Alien Resurrection (1997)

*Alien* was a movie experience I remember more vividly than most. Arriving at the theatre at the last minute, we were forced to sit in the front row where it looked and felt like the monster's acid saliva was dripping right on us. We were appropriately terrified, grossed out and thrilled. That film was full of striking images and characters that have since become part of the science fiction movie vernacular: blue collar space travellers, the dilapidated, low-tech ship, the creepy-crawly sci-noir atmosphere, and screaming baby aliens exploding out of chests at the dinner table. *Alien* in 1979 was a cool, dark, exhilarating reaction to the wholesomeness of *Star Wars* and its space cowboy imitators, and it succeeded in carving out a place in both pop culture consciousness and the crowded wrinkles of my brain.

*Alien* also succeeds where so many movie franchises fail, with sequels that are as good as, even better than, the original. While most sequels eventually lapse into unintentional self-parody, the *Alien* movies have always featured fine writing and influential directors who leave distinctive, frequently divergent stylistic imprints on the series. Jean-Pierre Jeunet (*The City of Lost Children*) is the latest director to make his mark, with one of the most original and thoughtful of the bunch. *Alien: Resurrection*, the fourth coming of the alien, is both stylishly creepy and surprisingly poignant, a scarifying and emotionally resonant film.

Ellen Ripley (Sigourney Weaver) died in *Alien 3* (1992), sacrificing herself rather than allow the alien queen incubating inside her to live. Thanks to the endless possibilities of science fiction, she's back, 200 years later, in *Alien: Resurrection*, having been cloned by the United Systems Military. USM wants the alien fetus Ripley's clone incubates, and after eight cloning attempts, they succeed. There is, of course, a catch: during the cloning process, Ripley and the alien exchanged a bit of DNA, leaving Ripley a strangely predatory human with animal strength, blood that can melt metal, and a creepy psychic and emotional connection to the aliens.

A freighter ship, peopled by a crew of heavily armed smugglers, arrives with an illicit cargo just as scientist Gediman (the always weird and wonderful Brad Dourif) learns that the aliens he is breeding are quick to learn and difficult to tame, having picked up a few nasty traits from the genetic soup in which they were spawned. It isn't long before the aliens run amok, people are eviscerated, and Ripley and the smugglers are forced to fight their way to escape through the dark, deadly space station where metal grill walkways, with the attendant something-under-the-bed foreboding that is a hallmark of the *Alien* series, are still a prominent architectural feature (apparently ship designers are not troubled by alien infestations).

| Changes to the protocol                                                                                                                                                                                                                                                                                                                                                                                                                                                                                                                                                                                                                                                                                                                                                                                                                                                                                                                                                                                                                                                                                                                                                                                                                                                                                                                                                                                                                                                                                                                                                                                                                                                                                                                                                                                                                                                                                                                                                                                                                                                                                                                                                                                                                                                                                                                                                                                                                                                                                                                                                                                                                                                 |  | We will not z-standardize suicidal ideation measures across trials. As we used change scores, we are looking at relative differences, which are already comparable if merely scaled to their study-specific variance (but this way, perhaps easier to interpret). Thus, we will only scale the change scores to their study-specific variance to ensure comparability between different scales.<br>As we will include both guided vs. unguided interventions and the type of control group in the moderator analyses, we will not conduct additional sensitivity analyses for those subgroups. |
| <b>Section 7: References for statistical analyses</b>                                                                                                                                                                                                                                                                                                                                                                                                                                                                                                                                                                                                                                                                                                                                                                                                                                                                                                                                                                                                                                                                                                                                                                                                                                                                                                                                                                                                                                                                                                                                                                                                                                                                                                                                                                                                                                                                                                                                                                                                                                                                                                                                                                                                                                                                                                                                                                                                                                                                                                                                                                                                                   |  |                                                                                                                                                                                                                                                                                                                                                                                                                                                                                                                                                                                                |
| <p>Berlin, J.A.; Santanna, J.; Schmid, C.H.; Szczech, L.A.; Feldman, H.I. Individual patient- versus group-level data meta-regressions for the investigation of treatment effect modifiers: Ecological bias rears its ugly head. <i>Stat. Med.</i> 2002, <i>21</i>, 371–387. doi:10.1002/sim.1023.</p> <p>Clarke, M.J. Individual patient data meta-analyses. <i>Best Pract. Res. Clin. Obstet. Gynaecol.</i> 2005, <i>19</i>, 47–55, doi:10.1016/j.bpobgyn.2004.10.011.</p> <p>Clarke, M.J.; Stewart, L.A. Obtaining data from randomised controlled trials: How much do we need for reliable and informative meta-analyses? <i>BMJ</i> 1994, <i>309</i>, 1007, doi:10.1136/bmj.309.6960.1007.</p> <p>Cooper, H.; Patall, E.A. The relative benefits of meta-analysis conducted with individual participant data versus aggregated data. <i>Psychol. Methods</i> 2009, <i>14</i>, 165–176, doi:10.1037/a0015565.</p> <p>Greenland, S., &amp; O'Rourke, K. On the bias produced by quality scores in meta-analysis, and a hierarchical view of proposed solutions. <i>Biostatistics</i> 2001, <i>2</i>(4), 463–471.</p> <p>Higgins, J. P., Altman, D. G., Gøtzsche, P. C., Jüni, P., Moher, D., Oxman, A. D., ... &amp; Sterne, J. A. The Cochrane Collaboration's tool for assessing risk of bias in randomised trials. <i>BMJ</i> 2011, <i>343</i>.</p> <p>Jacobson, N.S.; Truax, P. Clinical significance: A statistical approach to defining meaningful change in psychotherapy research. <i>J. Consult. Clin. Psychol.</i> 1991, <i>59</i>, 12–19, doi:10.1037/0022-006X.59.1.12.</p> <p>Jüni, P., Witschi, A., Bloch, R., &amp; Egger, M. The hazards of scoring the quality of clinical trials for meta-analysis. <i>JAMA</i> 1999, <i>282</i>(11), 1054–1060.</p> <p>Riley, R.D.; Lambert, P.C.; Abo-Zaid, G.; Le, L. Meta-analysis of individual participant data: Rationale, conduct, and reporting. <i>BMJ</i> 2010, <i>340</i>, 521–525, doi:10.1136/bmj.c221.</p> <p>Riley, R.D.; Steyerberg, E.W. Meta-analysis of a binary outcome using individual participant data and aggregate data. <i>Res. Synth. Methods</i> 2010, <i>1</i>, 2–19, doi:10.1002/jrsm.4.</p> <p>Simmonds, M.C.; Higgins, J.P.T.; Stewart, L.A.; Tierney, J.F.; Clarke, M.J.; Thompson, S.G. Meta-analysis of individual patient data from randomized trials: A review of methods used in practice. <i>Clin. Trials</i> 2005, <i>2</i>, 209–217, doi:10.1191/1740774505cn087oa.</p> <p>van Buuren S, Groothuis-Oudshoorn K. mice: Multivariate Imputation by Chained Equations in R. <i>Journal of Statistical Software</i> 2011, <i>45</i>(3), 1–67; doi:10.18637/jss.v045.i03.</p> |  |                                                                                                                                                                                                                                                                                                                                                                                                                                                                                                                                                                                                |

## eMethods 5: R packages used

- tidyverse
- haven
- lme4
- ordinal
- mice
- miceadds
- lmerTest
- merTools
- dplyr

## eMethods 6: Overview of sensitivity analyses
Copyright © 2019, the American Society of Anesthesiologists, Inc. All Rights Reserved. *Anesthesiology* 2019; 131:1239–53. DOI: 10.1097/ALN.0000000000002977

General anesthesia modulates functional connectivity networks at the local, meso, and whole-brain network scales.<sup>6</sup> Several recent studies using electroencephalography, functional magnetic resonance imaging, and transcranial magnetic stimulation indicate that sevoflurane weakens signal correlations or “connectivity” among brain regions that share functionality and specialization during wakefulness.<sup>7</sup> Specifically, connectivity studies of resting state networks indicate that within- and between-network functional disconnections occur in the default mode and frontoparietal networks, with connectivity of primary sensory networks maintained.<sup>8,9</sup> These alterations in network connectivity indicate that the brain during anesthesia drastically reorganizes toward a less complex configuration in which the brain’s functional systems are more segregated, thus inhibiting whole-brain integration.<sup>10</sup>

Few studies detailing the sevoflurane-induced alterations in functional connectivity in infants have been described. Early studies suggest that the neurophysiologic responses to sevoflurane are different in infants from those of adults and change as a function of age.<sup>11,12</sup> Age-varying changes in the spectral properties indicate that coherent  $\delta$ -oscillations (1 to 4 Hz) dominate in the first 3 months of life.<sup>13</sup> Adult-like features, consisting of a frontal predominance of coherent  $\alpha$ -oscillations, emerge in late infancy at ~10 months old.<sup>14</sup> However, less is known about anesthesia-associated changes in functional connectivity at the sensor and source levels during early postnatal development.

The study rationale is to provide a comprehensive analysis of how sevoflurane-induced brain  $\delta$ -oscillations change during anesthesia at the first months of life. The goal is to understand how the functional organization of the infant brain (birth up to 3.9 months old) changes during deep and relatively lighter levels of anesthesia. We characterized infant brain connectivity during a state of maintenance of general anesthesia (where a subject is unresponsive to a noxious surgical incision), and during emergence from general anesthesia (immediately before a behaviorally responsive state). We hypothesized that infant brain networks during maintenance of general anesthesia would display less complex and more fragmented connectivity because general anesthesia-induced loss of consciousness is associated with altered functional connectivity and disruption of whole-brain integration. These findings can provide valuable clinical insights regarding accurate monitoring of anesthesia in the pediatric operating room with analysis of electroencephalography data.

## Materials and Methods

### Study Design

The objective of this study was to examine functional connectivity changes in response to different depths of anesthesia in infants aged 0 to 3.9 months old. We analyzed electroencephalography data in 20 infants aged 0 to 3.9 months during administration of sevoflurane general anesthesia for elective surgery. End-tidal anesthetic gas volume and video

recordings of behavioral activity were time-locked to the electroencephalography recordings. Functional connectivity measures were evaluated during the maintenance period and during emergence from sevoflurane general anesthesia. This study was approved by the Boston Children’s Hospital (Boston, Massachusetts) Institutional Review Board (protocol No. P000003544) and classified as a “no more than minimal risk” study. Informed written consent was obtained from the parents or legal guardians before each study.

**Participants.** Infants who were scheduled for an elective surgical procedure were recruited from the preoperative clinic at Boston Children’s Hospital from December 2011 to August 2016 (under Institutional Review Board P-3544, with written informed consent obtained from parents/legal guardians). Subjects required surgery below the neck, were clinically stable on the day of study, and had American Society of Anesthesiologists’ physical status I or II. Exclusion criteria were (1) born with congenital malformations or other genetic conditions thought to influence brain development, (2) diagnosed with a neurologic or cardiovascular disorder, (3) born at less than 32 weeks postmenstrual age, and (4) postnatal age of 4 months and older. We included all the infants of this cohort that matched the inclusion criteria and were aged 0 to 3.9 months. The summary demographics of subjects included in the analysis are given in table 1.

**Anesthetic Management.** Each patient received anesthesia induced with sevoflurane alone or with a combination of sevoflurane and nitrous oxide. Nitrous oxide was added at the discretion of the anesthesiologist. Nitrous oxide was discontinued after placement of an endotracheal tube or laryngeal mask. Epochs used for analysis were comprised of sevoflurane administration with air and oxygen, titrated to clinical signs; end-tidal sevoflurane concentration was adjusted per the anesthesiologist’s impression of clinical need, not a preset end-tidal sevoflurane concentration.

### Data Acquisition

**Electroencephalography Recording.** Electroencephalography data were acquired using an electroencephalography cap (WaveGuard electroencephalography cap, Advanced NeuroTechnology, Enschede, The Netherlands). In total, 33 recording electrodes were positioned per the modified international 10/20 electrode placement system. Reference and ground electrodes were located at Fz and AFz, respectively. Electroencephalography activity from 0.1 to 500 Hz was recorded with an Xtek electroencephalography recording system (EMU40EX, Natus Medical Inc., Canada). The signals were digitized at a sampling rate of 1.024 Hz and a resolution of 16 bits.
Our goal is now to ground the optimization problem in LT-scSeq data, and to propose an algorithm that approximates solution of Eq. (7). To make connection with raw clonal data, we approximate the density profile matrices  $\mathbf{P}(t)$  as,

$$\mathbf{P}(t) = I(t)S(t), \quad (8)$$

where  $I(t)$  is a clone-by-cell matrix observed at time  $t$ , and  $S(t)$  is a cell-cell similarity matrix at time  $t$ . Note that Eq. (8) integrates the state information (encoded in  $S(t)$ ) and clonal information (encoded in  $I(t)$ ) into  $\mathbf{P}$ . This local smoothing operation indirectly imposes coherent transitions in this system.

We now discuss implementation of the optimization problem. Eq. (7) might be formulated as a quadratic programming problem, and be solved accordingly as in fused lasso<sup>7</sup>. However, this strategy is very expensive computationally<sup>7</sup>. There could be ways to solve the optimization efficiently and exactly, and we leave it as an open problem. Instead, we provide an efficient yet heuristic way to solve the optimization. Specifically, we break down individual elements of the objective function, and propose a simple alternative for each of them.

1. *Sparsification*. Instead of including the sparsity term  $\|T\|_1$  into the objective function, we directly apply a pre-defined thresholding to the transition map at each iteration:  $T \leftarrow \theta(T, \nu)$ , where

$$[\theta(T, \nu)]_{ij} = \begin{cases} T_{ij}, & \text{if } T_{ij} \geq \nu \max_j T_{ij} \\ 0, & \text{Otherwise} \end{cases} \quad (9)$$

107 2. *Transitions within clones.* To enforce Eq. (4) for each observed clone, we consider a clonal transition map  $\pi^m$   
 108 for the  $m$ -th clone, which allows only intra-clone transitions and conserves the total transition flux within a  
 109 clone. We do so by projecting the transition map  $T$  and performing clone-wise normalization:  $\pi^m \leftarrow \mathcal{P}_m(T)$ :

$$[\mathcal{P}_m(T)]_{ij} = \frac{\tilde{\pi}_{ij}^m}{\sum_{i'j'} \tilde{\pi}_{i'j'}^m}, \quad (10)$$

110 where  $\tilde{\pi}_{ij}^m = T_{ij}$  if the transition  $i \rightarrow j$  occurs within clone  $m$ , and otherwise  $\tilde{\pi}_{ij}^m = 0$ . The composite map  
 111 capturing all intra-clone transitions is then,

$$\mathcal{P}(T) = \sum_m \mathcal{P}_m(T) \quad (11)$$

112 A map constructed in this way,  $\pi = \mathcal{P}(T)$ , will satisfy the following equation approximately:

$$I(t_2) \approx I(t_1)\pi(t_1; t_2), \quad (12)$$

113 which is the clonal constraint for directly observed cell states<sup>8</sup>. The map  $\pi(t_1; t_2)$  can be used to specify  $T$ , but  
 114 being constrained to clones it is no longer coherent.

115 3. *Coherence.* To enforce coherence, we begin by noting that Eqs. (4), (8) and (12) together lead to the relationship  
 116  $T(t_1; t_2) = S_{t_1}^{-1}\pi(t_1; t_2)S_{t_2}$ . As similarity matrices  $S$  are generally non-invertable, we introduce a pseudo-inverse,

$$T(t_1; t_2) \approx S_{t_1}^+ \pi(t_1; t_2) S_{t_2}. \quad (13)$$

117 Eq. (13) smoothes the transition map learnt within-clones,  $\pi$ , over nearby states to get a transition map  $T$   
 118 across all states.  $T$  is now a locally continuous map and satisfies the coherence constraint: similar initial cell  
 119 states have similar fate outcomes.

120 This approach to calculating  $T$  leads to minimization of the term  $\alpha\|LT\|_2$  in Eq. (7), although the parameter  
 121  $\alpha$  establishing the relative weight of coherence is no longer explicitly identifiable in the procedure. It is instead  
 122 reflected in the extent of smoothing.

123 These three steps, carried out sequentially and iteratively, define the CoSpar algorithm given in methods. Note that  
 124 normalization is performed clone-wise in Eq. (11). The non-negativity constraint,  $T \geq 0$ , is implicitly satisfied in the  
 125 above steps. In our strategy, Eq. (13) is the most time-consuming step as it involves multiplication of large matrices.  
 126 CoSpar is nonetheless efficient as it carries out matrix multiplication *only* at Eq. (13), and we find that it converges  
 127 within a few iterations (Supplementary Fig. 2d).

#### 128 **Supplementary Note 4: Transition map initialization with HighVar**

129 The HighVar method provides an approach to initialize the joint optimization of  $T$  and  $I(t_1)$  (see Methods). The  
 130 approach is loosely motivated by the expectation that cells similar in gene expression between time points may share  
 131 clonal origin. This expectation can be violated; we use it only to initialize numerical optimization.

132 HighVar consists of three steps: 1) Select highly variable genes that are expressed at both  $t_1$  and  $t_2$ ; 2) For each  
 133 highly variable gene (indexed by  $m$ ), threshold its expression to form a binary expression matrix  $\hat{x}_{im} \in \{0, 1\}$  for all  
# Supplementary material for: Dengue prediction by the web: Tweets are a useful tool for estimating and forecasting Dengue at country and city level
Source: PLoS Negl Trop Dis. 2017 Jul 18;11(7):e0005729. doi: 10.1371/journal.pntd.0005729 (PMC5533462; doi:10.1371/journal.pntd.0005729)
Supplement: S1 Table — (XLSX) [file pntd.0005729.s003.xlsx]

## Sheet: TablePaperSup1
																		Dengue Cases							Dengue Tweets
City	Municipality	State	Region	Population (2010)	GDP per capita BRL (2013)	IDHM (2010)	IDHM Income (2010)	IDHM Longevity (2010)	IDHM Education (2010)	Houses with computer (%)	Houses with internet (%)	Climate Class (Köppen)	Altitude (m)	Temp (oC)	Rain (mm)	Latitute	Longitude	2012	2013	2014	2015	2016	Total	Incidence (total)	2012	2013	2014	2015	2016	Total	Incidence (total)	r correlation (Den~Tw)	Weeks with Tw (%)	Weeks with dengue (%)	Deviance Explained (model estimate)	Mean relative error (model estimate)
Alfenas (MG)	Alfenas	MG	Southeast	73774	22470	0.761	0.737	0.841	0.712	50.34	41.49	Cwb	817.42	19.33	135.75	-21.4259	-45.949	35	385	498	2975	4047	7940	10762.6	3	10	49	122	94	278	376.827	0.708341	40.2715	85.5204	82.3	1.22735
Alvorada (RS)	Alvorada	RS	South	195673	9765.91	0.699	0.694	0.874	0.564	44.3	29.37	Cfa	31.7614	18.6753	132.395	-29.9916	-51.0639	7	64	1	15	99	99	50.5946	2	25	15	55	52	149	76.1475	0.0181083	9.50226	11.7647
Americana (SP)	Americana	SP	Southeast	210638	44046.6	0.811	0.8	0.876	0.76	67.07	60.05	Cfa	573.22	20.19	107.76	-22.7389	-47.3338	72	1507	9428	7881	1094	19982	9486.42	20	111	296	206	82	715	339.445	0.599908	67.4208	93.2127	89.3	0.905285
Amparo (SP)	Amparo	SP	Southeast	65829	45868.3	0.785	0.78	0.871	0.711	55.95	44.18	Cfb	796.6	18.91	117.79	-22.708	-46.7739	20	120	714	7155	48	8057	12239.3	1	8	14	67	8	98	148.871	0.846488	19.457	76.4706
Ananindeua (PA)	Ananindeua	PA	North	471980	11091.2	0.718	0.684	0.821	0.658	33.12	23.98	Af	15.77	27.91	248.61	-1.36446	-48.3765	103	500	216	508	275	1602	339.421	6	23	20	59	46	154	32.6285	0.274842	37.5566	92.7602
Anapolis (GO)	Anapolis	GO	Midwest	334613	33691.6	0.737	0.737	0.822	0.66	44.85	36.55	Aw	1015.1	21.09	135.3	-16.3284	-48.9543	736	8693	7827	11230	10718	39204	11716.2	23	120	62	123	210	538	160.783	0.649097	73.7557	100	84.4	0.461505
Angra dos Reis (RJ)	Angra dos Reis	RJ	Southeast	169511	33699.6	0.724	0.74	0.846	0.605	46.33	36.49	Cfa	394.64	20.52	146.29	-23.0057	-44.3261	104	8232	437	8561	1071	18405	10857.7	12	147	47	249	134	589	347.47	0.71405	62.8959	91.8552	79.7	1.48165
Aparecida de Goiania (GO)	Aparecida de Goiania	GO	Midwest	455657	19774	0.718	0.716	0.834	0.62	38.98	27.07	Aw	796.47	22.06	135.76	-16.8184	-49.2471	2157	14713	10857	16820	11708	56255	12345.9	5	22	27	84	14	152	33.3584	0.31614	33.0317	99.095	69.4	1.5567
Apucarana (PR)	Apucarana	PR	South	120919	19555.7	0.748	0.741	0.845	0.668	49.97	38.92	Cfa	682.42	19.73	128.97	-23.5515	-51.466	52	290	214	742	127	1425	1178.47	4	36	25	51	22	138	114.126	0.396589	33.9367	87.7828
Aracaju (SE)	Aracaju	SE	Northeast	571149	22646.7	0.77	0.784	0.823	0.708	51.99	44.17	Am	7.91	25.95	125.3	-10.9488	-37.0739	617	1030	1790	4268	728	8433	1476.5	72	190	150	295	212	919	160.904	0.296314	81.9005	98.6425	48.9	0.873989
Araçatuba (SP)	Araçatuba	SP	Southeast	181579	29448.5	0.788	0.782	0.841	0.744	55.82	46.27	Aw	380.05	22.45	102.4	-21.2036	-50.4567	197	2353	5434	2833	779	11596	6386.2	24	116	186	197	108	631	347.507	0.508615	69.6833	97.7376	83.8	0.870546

*Alien: Resurrection* revisits the maternal theme of James Cameron's *Aliens* (1986), and revisits it with a vengeance. Written by Joss Whedon (*Buffy the Vampire Slayer*), a twisted thread of freakish maternity runs throughout *Resurrection*: Ripley is surrogate mother to the alien queen, making her grandmother to all the alien spawn. Ripley wants to kill the patriarchal military figures who created both her and the aliens (the computer that controls the ship is known as "The Father"); the aliens want to kill their human progenitors, and every other biped on board, as well. It all makes for a very Greek family tragedy, as the severely dysfunctional alien clan battles to the death with the ersatz family of smugglers, Ripley caught in the middle, her loyalties divided and sorely tested. The consequences of patriarchal hubris are surprising and wrenchingly poignant: killing aliens is, for Ripley, no longer a simple matter of life or death because the line between humans and aliens has been blurred by human intervention.

Whedon's script is funny and witty, and loaded with surprising, imaginative moments of skin crawling dread, gory violence and inventive revelations about the aliens. After three movies, one might think that the ways in which aliens and humans kill each other had been exhausted, but this is apparently not so. *Alien: Resurrection* features devious, thinking aliens who plan ahead, lay traps, and, as always, unexpectedly emerge from under the floors. The cast of characters is also fresh, from the self-conscious, self-loathing auton (a rebellious robot built by other robots) to the lowlife smugglers. Particularly memorable are two *City of Lost Children* veterans: Ron Perlman, commandingly nasty as the testosteroneous, explosively capable brute Johner, and Dominique Pinon as the paralyzed Vriess. Weaver is striking, tough and fascinating as the ever-evolving Ripley. By comparison, Winona Ryder is a bit too pixie-ish as her doe-eyed nemesis-turned-compatriot -- she isn't very commanding squeaking orders at a crew of high caliber thugs.

Jeunet, with cinematographer Darius Khondji, maintains the visual obfuscation that enhances the sci-noir scariness of all *Alien* movies, but adds memorably freaky, Bosch-like images (a cloning lab scene is especially arresting). The director adds a soupcon of teasing, artful dread to the gory, gooey, deadly primordial moisture motif used effectively throughout the film. Whereas the often reviled but highly underrated *Alien 3* was extremely stylish but cold and austere, *Alien: Resurrection* is, despite the nifty stylization and slimy innards, the most emotionally charged and touching film of the series, a soulful family freakshow with a dark, broken heart.